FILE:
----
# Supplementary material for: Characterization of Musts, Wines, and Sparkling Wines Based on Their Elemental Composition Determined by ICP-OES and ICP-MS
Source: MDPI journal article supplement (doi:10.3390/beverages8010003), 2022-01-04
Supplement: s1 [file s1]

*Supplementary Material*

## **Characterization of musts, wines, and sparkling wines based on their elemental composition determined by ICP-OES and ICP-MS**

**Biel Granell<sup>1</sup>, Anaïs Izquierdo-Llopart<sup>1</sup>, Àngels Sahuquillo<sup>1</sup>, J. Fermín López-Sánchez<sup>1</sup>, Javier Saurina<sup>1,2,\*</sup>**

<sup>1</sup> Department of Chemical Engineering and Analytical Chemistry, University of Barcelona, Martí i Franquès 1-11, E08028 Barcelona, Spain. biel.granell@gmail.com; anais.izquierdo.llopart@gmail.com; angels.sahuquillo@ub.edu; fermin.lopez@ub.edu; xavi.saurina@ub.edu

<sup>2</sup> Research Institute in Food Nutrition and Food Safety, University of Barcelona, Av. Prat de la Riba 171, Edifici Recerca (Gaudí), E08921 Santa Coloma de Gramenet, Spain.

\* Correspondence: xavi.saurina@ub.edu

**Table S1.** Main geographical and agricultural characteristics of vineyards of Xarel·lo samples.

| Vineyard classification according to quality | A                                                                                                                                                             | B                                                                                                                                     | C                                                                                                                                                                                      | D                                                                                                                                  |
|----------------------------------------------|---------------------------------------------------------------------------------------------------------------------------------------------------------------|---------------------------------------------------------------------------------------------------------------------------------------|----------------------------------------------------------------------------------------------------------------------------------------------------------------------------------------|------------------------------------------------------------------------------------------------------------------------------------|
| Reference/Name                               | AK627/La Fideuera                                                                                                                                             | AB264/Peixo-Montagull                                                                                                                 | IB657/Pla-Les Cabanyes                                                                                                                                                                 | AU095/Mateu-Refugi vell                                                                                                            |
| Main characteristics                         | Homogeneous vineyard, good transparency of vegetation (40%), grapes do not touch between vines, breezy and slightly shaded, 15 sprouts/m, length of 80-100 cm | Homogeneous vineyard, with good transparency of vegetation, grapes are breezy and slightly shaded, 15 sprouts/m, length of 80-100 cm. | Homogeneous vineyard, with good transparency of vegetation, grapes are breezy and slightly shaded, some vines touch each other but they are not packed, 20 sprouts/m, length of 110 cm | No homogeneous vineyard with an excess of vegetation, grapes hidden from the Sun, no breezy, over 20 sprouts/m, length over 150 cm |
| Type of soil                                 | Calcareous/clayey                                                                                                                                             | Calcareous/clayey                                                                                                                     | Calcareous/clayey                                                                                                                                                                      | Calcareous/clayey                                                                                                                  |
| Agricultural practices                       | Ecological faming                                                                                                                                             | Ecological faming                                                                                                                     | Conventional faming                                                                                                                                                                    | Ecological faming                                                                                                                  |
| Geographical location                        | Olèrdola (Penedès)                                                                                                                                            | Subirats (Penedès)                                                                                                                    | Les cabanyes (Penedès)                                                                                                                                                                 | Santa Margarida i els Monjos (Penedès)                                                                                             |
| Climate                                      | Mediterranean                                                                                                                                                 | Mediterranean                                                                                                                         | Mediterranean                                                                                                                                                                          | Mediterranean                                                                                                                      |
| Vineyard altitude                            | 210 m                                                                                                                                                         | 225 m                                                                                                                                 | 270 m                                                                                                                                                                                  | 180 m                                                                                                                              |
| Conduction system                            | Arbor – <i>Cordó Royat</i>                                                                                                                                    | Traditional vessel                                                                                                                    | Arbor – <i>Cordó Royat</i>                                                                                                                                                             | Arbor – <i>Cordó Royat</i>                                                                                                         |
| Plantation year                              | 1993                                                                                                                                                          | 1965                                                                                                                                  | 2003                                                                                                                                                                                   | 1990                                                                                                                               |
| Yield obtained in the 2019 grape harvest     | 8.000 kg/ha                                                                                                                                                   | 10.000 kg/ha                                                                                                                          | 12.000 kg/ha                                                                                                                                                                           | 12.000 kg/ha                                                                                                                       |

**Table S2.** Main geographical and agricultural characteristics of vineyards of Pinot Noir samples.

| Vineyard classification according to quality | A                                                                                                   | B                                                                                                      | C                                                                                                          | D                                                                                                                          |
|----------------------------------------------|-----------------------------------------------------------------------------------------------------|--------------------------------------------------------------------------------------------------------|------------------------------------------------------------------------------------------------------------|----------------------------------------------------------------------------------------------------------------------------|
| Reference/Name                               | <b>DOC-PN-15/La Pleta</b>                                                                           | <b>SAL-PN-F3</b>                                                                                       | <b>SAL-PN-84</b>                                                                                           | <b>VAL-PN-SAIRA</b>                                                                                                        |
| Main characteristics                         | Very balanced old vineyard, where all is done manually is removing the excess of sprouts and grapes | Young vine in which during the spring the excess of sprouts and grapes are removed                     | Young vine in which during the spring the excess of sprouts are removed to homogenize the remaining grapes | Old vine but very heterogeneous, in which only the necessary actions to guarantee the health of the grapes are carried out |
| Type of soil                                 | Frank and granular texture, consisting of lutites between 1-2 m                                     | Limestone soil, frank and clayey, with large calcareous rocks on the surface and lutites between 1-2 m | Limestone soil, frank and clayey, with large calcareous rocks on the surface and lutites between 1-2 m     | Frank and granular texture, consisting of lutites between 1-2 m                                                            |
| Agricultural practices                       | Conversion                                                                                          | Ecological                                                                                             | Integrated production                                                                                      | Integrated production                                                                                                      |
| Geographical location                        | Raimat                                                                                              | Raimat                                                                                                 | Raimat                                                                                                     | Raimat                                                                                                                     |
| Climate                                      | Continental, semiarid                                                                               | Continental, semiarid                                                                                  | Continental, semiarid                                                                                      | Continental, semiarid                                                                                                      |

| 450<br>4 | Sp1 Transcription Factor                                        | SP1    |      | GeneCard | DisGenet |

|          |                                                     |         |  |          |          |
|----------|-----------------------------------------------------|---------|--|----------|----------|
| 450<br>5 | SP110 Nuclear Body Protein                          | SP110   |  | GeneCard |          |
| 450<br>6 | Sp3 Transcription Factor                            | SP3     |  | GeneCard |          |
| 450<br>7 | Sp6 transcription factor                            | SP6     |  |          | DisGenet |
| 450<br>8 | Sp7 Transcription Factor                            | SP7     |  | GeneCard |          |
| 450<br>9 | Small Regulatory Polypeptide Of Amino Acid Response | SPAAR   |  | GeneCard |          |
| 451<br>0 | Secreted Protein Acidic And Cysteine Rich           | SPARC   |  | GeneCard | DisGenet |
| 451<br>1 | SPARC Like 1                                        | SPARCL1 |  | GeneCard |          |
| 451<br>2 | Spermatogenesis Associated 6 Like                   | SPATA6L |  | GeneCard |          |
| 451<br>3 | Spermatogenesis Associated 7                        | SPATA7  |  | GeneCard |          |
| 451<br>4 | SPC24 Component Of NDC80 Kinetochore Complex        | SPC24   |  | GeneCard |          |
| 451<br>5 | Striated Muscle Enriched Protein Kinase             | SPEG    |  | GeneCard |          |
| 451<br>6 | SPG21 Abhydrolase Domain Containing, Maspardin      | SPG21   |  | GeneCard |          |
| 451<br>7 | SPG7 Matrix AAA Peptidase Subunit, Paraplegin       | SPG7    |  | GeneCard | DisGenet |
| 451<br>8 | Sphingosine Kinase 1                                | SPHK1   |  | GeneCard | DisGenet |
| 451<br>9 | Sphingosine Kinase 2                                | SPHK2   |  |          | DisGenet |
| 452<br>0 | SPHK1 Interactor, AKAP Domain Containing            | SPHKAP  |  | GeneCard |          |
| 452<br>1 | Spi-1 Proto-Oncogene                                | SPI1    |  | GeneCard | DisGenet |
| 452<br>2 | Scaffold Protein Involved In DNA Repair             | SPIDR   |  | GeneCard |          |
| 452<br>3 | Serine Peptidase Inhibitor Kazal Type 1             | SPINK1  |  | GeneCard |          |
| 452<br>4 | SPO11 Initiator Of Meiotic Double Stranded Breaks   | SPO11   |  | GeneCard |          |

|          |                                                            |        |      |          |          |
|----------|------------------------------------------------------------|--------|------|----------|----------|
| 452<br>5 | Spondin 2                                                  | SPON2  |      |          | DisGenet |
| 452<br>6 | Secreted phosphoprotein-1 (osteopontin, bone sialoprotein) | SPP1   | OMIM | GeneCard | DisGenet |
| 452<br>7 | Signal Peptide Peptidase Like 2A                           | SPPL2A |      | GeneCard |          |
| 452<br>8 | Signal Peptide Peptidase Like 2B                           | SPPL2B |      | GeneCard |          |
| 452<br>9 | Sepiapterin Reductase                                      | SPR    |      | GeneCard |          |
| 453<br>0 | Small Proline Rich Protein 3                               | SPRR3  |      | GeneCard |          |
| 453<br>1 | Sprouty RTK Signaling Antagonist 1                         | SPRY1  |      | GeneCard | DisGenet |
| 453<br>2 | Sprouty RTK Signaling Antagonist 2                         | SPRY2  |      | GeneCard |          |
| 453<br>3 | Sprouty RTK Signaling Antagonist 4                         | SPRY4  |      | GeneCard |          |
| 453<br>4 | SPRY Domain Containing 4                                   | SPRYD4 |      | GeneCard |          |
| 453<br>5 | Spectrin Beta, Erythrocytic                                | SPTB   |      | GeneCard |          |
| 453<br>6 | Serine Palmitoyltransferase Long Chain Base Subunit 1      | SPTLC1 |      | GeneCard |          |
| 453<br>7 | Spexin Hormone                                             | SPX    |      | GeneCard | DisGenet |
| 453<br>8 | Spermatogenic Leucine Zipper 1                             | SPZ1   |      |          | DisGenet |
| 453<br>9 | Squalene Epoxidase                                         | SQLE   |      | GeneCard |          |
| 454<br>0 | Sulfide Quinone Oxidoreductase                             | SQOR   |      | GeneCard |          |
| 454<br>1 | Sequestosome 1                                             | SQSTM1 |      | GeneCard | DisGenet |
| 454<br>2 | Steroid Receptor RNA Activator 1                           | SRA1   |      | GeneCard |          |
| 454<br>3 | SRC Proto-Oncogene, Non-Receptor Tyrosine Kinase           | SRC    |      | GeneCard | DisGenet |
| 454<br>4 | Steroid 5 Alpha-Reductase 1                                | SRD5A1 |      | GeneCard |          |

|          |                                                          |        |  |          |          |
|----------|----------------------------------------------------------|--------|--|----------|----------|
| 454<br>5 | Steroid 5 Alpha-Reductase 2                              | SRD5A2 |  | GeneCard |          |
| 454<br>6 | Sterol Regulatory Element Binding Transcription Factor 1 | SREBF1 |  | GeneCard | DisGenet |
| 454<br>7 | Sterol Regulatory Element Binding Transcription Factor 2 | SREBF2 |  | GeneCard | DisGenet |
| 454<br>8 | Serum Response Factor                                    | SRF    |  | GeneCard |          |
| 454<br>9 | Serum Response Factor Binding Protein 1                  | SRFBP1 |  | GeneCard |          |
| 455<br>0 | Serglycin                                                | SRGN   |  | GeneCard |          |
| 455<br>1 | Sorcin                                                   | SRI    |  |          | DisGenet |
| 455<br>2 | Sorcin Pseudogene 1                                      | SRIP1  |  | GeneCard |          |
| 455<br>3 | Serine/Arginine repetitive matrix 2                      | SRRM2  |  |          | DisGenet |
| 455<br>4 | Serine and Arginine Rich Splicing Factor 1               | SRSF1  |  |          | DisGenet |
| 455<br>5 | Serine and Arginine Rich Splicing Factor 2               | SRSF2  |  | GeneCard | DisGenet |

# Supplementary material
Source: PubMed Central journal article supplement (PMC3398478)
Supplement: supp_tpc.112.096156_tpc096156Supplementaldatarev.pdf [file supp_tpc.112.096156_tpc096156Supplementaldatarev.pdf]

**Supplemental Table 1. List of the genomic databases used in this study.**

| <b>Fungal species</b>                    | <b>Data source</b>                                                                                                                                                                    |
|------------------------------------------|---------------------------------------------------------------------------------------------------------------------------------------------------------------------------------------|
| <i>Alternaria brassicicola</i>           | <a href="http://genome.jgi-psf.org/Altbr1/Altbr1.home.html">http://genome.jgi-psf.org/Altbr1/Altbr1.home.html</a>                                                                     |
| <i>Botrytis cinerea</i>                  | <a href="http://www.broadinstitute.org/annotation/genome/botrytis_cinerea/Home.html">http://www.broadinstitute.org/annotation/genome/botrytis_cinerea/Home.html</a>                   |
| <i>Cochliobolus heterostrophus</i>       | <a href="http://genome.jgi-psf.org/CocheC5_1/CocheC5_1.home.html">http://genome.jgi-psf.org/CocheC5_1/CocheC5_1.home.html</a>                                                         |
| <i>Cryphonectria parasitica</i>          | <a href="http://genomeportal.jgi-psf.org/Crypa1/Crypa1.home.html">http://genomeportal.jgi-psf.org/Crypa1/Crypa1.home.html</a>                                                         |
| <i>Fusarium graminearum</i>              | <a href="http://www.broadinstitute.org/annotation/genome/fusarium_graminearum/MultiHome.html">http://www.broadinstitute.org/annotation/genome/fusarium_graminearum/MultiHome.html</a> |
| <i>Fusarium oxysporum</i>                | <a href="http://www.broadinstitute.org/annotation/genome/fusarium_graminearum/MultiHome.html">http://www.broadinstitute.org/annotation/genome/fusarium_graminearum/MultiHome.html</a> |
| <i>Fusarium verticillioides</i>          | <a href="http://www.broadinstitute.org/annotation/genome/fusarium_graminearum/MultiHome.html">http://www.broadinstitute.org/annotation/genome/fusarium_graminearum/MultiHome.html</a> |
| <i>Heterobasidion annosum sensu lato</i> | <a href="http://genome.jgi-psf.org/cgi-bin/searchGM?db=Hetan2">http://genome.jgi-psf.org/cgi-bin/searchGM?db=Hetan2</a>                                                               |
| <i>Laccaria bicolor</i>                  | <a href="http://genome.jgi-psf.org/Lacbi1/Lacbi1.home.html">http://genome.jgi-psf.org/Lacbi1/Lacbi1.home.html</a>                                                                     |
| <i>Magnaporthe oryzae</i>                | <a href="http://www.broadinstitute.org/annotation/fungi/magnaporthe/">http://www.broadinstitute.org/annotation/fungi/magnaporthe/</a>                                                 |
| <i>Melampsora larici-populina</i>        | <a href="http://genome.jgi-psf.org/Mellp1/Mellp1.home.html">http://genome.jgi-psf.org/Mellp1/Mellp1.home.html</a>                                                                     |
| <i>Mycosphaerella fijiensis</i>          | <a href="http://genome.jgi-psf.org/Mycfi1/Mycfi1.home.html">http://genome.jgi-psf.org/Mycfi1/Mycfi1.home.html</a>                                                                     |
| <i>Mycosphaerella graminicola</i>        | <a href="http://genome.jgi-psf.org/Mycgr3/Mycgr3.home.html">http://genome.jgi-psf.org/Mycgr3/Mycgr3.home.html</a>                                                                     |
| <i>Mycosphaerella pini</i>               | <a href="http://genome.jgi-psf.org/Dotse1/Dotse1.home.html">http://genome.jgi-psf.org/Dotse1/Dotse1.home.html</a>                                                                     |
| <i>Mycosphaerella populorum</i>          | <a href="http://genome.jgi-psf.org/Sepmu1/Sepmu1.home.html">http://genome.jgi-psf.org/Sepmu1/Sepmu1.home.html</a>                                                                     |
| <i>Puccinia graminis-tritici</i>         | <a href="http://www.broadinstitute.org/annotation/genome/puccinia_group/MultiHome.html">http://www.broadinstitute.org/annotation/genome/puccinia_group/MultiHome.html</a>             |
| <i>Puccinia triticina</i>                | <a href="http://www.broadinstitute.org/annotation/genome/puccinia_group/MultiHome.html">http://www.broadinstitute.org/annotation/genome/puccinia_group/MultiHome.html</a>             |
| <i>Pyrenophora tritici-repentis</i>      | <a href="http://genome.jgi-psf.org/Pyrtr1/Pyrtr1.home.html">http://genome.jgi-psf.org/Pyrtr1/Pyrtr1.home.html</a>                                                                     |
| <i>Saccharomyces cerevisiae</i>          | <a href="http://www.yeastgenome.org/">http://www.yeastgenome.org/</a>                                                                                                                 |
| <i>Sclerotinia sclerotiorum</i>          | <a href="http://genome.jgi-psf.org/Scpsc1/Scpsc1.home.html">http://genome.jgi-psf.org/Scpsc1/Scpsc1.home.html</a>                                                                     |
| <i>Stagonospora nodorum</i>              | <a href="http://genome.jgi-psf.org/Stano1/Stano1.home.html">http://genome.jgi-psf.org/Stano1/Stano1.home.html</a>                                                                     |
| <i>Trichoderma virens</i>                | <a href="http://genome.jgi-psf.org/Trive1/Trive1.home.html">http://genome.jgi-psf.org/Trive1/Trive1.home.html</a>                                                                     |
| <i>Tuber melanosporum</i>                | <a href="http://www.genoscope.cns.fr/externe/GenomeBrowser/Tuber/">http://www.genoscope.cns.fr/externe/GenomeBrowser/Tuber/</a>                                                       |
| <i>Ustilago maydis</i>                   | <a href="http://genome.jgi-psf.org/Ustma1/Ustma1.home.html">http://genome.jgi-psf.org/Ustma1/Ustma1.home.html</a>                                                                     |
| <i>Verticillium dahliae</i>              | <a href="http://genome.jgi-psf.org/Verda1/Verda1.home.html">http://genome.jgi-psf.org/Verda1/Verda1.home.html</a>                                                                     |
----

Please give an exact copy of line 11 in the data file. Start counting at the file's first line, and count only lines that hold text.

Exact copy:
| Vineyard classification according to quality | A                                                                                                                                                             | B                                                                                                                                     | C                                                                                                                                                                                      | D                                                                                                                                  |